Well, they tried attaching GPS tracking systems to the dog, which resulted in the near loss of about $500 in equipment.  They even brought out search dogs, who evidently have their own code of “species silence,” because they were not able (or willing to rat out their brother canine) to find anything.  After a week of searching, they gave up. 


A couple days later, a local farmer found the body in the middle of his alfalfa field.  And, because I had made such a pest of myself, I was asked to come to the autopsy, and to take part in a secondary search of where the body was found.  Gruesome, but cool.


It is still a mystery how this woman died, and even who she is; however I will always think of her when a dog is licking my hand.

Sep 2, 2005


I have decided to be a surfer.  No, not the kind that sits at a computer all day and vicariously wanders the world.  I mean a hang-ten, narly, hey-dude, get on a surfboard and get into the waves surfer. 

I went to Westport, Washington, and enquired at "The Surf Shop" how to engage the services of a surfing tutor.  I was given a number, then I called to make arrangements, and planned to meet my instructor the next morning at 9 am.  Now I was a bit nervous, not only is this a new thing for me, but the last time I got lessons did not work out so well; I was trying to learn to snowboard so that I could spend more time with my kids.  I took some lessons at White Pass, Washington, and spent 2 hours with 16 year-old "Kyle".  He was a nice enough kid, but it was difficult, to say the least, for this scrawny kid, who just got his first pimple, to tell a 44 year-old, 6'3, 225-pound crusty cop anything.  I shouldn't be too harsh... Kyle got me carving down the mountain, although I blew out my knee (not to worry, all the broken cartilage was surgically removed).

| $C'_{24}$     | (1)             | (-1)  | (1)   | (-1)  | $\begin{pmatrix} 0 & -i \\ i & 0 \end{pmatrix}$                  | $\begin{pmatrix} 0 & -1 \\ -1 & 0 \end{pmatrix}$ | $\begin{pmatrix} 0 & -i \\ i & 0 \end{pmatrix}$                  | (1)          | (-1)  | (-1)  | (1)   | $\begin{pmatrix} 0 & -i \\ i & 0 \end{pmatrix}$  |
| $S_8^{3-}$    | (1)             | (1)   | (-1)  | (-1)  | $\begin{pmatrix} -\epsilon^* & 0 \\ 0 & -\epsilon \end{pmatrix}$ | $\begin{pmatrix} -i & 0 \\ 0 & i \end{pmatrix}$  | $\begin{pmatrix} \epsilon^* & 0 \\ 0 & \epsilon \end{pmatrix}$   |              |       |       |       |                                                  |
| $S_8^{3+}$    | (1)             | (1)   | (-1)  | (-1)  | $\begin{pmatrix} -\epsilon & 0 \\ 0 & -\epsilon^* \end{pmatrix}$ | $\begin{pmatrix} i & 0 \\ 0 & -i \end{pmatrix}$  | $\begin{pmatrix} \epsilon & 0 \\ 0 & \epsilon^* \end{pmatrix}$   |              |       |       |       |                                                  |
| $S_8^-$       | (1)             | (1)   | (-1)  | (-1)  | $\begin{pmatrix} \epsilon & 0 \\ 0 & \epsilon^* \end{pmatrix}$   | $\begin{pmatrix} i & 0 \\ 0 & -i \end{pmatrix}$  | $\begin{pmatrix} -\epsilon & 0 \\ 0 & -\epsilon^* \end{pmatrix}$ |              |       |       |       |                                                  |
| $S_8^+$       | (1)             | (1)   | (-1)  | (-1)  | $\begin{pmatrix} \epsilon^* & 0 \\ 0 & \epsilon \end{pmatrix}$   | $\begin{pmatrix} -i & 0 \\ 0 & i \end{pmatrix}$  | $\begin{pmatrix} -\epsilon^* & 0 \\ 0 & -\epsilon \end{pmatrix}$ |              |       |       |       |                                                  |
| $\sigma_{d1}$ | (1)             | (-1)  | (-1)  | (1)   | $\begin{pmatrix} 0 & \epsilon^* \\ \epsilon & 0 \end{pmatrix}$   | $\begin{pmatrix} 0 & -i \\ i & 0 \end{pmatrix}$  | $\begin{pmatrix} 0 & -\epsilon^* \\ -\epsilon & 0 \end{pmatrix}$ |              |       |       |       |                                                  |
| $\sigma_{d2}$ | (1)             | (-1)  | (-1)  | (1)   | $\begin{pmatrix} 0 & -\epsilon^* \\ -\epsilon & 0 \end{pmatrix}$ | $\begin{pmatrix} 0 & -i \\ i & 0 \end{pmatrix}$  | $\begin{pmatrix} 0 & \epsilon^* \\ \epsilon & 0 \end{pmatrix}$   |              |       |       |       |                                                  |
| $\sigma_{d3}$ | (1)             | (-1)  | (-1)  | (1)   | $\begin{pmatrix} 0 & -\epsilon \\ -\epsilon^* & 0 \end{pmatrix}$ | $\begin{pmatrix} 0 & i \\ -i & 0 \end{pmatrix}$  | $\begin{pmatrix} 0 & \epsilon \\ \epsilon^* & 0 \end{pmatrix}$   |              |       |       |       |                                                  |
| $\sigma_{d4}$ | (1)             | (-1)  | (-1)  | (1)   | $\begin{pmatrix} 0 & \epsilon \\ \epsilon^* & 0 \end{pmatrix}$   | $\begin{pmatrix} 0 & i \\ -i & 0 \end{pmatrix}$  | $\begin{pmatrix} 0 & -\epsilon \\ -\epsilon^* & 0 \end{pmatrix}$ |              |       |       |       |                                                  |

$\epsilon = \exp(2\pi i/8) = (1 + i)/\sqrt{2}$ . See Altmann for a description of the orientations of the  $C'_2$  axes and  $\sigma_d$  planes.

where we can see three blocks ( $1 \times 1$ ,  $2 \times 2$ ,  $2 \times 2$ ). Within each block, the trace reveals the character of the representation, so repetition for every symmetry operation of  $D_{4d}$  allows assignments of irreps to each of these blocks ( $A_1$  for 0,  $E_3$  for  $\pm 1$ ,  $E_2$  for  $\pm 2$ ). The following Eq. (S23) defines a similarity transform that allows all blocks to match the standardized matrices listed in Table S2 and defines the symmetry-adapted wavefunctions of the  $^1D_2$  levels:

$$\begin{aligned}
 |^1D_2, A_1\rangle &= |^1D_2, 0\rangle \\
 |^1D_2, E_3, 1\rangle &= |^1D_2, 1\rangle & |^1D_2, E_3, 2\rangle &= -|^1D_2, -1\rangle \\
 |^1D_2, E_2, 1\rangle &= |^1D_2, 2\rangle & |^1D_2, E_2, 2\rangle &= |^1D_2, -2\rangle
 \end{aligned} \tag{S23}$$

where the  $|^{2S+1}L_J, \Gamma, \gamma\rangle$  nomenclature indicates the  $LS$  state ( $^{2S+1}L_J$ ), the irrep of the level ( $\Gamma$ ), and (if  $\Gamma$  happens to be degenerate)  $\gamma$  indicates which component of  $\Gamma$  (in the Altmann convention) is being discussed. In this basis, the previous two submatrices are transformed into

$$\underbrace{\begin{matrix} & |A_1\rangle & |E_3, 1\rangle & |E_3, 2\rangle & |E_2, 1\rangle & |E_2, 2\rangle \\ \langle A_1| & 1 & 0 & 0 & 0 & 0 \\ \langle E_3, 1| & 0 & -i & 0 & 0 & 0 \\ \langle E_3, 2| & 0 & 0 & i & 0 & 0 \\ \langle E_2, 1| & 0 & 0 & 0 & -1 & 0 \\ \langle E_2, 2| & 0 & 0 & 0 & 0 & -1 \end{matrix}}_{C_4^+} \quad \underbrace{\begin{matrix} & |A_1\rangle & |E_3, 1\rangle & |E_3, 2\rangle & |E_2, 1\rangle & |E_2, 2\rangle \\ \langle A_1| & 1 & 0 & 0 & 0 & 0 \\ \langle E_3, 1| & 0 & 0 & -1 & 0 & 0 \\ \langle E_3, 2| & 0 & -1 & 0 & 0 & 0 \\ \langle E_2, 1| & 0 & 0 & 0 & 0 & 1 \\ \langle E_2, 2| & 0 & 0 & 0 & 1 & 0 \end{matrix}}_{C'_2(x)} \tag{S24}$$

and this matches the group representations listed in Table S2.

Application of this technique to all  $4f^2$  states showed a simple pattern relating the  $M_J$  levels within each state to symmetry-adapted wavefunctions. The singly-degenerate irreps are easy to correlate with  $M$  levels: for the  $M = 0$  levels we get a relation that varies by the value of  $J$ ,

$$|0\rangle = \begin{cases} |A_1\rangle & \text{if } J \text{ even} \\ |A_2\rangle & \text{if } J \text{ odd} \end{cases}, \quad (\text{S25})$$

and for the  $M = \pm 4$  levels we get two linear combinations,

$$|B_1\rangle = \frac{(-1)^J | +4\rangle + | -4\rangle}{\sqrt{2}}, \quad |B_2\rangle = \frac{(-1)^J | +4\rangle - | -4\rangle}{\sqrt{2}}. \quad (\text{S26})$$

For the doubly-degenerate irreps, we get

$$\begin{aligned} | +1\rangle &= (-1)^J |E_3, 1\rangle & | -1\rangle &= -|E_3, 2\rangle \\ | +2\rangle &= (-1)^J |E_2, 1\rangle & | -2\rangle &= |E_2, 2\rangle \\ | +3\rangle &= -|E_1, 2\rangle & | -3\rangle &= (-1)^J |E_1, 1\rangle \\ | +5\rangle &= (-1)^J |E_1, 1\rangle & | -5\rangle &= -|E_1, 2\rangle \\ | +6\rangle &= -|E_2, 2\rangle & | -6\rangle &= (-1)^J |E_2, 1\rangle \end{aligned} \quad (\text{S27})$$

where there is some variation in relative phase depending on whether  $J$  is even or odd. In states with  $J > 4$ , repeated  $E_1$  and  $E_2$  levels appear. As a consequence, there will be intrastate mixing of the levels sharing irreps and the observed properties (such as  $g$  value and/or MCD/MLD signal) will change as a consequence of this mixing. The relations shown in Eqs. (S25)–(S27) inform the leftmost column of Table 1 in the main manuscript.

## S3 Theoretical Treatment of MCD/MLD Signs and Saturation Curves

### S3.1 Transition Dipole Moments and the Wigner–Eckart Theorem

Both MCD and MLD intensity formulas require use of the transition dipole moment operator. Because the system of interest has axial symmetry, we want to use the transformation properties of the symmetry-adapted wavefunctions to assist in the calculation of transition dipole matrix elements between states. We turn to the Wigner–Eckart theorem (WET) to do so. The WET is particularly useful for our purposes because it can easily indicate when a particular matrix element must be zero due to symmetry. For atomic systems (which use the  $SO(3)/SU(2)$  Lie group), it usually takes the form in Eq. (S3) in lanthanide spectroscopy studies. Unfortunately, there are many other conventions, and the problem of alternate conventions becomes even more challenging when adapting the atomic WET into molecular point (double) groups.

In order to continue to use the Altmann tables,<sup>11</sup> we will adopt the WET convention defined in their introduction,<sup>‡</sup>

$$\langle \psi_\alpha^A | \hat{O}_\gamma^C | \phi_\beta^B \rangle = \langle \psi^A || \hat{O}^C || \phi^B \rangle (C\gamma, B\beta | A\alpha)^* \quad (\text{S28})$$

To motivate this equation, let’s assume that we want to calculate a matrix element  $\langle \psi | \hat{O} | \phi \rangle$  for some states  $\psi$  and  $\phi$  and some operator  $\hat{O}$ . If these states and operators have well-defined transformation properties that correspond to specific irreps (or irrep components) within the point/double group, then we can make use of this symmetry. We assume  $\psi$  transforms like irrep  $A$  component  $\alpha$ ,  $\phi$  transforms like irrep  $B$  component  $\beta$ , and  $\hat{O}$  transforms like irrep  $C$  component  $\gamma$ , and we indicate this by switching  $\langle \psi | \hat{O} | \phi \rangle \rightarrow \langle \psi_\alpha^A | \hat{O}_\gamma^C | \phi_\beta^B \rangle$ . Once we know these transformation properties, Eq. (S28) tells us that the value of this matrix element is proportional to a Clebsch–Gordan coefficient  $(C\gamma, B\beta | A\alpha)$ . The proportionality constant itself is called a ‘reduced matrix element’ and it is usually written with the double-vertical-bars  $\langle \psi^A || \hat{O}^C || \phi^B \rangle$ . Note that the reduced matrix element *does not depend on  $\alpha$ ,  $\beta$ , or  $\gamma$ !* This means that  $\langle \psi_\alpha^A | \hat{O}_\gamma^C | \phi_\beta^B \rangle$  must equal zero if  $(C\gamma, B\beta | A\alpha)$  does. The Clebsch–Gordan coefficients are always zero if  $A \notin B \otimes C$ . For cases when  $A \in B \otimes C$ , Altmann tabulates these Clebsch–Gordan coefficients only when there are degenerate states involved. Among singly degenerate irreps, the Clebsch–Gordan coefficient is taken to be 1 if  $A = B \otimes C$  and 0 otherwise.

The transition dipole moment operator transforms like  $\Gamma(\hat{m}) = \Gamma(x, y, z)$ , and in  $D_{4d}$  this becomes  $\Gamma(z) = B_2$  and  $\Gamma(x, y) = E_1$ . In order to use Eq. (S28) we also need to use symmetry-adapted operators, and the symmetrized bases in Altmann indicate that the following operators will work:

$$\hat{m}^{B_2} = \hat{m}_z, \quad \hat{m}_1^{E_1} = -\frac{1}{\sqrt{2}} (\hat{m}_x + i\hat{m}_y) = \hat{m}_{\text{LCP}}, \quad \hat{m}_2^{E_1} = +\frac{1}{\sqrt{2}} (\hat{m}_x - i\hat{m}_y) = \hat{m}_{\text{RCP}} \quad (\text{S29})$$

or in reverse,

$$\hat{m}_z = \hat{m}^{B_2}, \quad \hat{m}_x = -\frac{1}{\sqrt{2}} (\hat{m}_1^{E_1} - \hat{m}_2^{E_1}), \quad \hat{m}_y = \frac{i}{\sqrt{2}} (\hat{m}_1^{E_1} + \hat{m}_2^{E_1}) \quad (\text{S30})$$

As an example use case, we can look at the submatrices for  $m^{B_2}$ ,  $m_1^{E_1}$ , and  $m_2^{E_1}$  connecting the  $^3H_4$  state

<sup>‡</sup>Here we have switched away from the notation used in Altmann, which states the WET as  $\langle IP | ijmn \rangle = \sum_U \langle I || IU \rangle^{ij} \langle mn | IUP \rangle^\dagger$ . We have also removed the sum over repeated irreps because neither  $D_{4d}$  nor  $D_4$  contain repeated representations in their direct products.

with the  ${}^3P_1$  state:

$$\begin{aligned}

So, there I was at The Surf Shop when a 50 year-old, 6'4, 270-pound ex-hippy looking-dude pulls up in an olive green Malibu convertible.  He came right up to me, shook my hand and said, "I'm Barry."  He helped me get a rental surf board (the foam-topped kind that tells everyone you are a clueless rookie), and told me to meet him at the beach.  I went out, thinking that I would be doing CPR on this guy if he tried anything strenous, and I have a bad record on CPR... 0 for 3.

Well, he wasn't going to surf, just tell me how.  We went to a surfing spot and I was starting to get a bit nervous; I did not have a clue what I was doing, and I couldn't even intimidate my instructor.  So you can imagine my relief when I arrived and saw the surfing spot; no, it's not that there was no one there, it's just that most of them had a foam-topped board just like me, and they were all splashing around just like I would be doing in about 10 minutes.